Non-Heme Iron: Is it Better for Your Health?
It’s no secret that iron is good for you—but did you know that not all iron is created equal? Heme and non-heme, the two different types of iron, are both important forms of iron, and both are essential to good health. However, when it comes to iron, non-heme might actually be better for your health.
Iron is an essential element found naturally in different types of food. Its role in the body is essential too, playing a key role in a number of processes that take place in the body. These include:
- Blood production. About 70 percent of iron in the body is found in red blood cells, where it carries oxygen from the blood to your lungs and tissues. It also helps provide oxygen to the muscles.
- Immune function. Although an excess amount of iron can actually be detrimental to the immune system, iron is essential for proper immune system function and helping the body fight infections.
- Brain function. Iron plays an important role in brain function, particularly in learning and memory.
Heme iron is found in animal meat and is more easily absorbed by the body at a rate of 7-35%, depending on factors like whether or not you are iron deficient and the foods you eat. Some of the best sources of heme iron include red meats like grass-fed beef and lamb, sardines, chicken, and tuna.
Non-heme iron is found in antioxidant-rich plant foods. It has an absorption rate of 2-20%, which is why the recommended daily intake for vegetarians and vegans is slightly higher. Legumes and leafy green vegetables are particularly good sources of iron.
Because the body doesn’t make iron on its own, it must be consumed through food or supplements. How much you need depends on whether or not you are pregnant or menstruating. Current dietary guidelines recommend:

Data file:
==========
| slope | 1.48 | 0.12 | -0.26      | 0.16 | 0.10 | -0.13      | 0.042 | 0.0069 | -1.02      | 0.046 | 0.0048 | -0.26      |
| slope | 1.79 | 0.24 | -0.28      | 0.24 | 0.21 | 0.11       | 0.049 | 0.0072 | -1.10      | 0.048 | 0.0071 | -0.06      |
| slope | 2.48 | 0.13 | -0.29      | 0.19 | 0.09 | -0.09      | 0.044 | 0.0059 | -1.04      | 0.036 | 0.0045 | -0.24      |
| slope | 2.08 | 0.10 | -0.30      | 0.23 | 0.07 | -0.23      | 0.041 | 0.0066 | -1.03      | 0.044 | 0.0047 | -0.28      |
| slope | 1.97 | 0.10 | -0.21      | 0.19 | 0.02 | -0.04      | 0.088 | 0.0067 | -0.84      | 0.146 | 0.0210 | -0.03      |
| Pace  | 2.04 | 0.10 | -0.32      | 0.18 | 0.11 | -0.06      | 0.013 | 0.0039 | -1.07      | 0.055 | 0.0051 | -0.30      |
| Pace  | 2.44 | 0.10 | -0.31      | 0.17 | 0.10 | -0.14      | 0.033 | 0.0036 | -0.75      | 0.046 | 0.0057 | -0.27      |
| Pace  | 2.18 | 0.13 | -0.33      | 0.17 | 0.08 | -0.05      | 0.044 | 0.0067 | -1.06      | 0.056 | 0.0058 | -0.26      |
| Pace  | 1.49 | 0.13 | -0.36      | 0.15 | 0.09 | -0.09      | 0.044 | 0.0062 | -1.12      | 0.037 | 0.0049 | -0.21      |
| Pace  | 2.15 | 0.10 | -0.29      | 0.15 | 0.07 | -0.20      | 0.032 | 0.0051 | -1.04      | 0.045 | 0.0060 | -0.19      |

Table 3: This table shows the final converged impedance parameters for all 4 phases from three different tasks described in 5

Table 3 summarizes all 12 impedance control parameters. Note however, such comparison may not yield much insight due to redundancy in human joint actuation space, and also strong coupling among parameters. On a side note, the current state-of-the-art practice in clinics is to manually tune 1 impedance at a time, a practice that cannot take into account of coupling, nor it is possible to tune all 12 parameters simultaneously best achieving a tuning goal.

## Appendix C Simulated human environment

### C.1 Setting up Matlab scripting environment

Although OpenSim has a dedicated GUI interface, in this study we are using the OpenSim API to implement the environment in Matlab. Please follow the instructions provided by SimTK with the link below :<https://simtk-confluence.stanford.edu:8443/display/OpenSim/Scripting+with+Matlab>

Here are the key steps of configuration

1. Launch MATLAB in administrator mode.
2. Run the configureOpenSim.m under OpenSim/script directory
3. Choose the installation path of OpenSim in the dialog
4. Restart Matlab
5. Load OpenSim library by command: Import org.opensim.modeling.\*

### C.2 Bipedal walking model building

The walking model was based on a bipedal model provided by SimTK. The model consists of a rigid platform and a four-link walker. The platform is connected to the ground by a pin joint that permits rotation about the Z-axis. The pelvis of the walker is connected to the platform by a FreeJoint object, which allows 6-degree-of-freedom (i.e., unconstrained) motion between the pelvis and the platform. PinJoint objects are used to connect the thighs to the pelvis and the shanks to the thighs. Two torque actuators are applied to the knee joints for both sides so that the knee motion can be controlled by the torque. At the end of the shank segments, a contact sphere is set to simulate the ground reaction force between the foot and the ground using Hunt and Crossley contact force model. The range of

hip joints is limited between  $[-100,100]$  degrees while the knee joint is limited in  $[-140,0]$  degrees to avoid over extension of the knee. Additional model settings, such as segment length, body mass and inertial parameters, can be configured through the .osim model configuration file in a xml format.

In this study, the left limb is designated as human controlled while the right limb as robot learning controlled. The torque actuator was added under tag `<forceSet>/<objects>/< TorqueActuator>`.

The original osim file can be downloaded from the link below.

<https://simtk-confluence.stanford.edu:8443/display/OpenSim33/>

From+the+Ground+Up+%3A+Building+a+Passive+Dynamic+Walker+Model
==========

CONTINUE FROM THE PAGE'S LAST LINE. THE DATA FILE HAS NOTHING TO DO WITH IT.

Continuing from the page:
- Men and non-menstruating women: 10 mg/day
- Menstruating or nursing women: 15 mg/day
- Pregnant women: 30 mg/day
- Vegans and vegetarians: 8 times greater than listed amounts above
You can increase your absorption of non-heme iron by incorporating foods and substances that aid with iron absorption. Vitamin C is one of the best sources. Adding just 50 milligrams of Vitamin C—the same amount found in half a grapefruit or a glass of orange juice—to your meal can triple the amount of non-heme iron absorption. Cooking foods in cast iron pans can also increase iron absorption.
Certain substances can also limit iron absorption when consumed with high-iron meals; one cup of coffee, for example, can limit iron absorption by up to 60 percent. Avoid coffee, green or black tea, and calcium supplements at least two hours before and after eating a meal with high iron content.
Iron deficiency is the most common nutritional deficiency and occurs when the body doesn’t have enough iron. When left unchecked, it can also lead to anemia, which occurs when the blood does not carry enough oxygen to the body.
Iron deficiency is the leading cause of anemia throughout the world. Both conditions have similar symptoms, including:
- Unexplained fatigue and general weakness
- Sensitivity to cold